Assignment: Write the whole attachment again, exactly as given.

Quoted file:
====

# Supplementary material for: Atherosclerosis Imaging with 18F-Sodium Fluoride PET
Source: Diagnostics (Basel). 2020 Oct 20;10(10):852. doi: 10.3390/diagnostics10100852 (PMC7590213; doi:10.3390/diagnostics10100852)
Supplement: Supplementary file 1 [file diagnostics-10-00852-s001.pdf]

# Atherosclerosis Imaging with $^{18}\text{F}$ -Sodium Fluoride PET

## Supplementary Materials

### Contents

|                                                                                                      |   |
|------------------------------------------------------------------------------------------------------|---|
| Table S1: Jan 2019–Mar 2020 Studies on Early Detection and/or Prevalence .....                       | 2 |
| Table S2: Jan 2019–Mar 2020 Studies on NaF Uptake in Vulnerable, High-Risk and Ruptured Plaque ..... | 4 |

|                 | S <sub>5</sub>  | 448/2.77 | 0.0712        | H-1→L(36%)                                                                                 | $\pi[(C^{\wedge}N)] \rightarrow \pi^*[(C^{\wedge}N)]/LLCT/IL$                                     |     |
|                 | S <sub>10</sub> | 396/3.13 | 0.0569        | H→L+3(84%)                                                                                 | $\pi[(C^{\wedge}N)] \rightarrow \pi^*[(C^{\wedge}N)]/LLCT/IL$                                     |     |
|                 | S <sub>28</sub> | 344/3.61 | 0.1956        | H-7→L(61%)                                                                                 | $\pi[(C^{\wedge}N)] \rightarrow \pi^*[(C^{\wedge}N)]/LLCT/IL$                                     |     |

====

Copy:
# Supplementary material for: Atherosclerosis Imaging with 18F-Sodium Fluoride PET
Source: Diagnostics (Basel). 2020 Oct 20;10(10):852. doi: 10.3390/diagnostics10100852 (PMC7590213; doi:10.3390/diagnostics10100852)
Supplement: Supplementary file 1 [file diagnostics-10-00852-s001.pdf]

# Atherosclerosis Imaging with $^{18}\text{F}$ -Sodium Fluoride PET

## Supplementary Materials

### Contents

|                                                                                                      |   |
|------------------------------------------------------------------------------------------------------|---|
| Table S1: Jan 2019–Mar 2020 Studies on Early Detection and/or Prevalence .....                       | 2 |
| Table S2: Jan 2019–Mar 2020 Studies on NaF Uptake in Vulnerable, High-Risk and Ruptured Plaque ..... | 4 |

|                 | S <sub>5</sub>  | 448/2.77 | 0.0712        | H-1→L(36%)                                                                                 | $\pi[(C^{\wedge}N)] \rightarrow \pi^*[(C^{\wedge}N)]/LLCT/IL$                                     |     |
|                 | S <sub>10</sub> | 396/3.13 | 0.0569        | H→L+3(84%)                                                                                 | $\pi[(C^{\wedge}N)] \rightarrow \pi^*[(C^{\wedge}N)]/LLCT/IL$                                     |     |
|                 | S <sub>28</sub> | 344/3.61 | 0.1956        | H-7→L(61%)                                                                                 | $\pi[(C^{\wedge}N)] \rightarrow \pi^*[(C^{\wedge}N)]/LLCT/IL$                                     |     |